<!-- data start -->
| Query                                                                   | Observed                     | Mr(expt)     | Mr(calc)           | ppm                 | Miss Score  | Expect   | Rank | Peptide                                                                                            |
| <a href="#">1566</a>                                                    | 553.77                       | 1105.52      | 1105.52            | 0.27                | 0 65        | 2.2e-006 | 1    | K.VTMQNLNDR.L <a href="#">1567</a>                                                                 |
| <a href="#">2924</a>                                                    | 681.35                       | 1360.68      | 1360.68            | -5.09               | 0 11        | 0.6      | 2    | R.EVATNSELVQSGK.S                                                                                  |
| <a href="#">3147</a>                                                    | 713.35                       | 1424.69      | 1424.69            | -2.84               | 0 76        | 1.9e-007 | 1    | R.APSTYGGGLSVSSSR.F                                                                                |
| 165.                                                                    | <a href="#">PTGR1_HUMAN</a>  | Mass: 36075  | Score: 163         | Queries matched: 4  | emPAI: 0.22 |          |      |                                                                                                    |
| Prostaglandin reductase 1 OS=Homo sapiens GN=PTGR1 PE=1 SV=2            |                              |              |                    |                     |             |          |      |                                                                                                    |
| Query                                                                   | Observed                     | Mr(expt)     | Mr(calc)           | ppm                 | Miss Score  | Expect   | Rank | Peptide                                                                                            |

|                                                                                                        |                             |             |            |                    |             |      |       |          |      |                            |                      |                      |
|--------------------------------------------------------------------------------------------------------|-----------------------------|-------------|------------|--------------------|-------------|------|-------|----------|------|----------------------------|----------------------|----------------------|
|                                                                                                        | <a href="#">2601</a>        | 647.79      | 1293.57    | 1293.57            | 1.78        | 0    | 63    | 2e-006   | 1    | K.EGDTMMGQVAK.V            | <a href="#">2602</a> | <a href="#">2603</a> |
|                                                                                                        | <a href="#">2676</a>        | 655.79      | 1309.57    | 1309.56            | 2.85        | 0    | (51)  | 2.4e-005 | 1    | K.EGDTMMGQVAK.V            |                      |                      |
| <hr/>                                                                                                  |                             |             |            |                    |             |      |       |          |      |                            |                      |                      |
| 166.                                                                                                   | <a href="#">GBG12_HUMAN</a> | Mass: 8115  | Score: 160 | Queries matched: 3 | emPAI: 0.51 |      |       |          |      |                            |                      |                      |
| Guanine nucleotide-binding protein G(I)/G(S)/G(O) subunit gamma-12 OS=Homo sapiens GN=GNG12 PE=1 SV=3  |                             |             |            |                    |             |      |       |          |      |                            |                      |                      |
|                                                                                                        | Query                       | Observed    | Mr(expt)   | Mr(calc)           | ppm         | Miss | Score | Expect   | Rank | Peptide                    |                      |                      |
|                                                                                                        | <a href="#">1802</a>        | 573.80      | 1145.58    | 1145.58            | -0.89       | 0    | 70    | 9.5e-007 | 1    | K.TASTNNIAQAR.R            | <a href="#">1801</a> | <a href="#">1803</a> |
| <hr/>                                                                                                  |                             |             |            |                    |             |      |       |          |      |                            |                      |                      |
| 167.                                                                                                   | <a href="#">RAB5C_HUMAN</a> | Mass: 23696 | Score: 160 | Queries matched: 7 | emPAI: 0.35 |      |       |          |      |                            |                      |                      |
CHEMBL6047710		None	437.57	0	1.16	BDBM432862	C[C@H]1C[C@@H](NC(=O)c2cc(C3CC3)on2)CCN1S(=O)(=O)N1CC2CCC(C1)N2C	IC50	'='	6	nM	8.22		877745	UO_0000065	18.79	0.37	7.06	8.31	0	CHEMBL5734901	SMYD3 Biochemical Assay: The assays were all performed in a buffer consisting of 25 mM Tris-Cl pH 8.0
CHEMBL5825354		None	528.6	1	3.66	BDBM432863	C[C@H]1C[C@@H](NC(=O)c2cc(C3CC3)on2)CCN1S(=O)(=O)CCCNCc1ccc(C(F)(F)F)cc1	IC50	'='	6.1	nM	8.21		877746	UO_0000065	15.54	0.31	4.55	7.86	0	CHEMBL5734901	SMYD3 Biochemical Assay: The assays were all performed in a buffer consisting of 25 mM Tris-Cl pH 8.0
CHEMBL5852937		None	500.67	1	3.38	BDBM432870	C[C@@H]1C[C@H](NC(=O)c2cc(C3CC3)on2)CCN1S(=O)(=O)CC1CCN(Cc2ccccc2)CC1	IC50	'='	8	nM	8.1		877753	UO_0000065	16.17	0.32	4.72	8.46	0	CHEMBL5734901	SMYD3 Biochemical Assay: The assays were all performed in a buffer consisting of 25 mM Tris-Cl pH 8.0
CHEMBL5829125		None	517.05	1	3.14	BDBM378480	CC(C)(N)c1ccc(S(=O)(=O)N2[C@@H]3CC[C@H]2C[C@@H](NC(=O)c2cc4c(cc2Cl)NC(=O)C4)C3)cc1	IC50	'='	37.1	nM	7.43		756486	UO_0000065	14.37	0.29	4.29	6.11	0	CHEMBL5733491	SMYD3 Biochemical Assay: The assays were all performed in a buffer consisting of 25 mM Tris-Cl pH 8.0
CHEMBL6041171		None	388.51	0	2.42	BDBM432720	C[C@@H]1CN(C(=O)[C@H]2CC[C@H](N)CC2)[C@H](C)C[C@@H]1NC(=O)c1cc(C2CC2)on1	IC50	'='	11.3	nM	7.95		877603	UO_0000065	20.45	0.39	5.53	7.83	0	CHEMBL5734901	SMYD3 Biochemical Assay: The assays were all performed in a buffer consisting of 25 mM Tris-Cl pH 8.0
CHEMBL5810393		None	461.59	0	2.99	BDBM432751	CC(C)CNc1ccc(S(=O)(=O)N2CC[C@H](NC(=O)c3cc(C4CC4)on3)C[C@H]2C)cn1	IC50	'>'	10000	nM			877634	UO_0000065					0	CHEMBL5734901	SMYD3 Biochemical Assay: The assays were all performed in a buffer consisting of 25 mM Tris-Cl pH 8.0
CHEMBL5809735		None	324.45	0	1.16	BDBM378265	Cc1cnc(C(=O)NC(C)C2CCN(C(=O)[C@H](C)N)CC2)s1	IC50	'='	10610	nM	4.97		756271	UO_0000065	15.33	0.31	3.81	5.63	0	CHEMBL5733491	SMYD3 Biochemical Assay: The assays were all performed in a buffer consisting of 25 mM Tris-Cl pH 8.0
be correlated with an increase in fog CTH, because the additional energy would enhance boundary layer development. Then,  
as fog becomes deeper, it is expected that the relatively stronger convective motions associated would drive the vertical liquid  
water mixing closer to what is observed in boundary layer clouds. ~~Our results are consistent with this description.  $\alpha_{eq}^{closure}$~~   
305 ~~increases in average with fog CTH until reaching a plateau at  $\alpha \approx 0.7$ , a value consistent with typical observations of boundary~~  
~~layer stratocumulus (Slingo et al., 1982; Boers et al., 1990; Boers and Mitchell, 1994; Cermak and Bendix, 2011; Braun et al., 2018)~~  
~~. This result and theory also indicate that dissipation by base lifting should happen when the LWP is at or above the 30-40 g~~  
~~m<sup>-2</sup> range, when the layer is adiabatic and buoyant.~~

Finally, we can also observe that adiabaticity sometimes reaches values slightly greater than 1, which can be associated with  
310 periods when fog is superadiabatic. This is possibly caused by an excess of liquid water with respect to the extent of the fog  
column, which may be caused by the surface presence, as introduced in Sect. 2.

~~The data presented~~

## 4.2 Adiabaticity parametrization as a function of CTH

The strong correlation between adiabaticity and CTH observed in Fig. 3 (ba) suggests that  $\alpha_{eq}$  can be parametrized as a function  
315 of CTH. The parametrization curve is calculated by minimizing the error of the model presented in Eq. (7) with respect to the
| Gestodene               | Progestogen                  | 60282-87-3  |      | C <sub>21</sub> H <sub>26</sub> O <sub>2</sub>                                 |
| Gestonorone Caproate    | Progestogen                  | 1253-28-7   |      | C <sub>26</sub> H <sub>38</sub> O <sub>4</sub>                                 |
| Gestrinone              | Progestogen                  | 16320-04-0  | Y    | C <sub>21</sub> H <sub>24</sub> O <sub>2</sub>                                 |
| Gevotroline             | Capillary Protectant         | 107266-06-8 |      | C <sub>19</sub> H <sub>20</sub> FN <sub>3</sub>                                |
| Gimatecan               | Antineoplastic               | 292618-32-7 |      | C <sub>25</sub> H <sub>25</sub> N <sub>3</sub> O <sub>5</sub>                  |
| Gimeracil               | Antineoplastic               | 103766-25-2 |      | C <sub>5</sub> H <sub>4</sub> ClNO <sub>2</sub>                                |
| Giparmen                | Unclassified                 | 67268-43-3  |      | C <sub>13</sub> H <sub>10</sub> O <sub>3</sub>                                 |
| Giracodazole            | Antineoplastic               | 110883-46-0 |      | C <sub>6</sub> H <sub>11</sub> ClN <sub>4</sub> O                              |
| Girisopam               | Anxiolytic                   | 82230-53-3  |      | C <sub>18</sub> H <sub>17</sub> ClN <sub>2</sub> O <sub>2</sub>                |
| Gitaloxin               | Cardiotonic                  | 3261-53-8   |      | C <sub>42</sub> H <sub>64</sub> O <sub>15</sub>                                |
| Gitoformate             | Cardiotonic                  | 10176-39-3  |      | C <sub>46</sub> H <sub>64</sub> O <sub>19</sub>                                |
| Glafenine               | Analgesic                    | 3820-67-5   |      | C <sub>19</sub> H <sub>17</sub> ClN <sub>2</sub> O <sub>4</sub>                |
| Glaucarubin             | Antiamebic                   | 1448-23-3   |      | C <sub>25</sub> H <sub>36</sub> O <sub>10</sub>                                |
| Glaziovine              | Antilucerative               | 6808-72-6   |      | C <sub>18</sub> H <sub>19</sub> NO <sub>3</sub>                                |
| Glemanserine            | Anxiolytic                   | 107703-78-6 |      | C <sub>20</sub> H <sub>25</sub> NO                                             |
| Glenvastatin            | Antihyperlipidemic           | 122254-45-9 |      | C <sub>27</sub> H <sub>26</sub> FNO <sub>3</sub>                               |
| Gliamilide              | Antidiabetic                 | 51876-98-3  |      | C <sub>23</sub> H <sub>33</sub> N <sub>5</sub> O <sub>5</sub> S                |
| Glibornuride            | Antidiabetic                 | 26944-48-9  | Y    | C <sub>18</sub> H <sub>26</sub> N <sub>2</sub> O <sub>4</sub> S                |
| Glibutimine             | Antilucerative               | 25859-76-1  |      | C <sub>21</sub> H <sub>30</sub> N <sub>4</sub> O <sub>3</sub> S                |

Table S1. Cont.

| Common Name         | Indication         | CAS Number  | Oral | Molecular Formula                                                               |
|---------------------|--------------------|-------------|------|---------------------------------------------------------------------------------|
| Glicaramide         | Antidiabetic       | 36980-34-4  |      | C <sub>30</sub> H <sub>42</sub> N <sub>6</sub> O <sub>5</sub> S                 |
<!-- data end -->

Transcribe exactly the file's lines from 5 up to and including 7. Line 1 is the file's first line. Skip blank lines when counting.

| 165.                                                                    | <a href="#">PTGR1_HUMAN</a>  | Mass: 36075  | Score: 163         | Queries matched: 4  | emPAI: 0.22 |          |      |                                                                                                    |
| Prostaglandin reductase 1 OS=Homo sapiens GN=PTGR1 PE=1 SV=2            |                              |              |                    |                     |             |          |      |                                                                                                    |
| Query                                                                   | Observed                     | Mr(expt)     | Mr(calc)           | ppm                 | Miss Score  | Expect   | Rank | Peptide                                                                                            |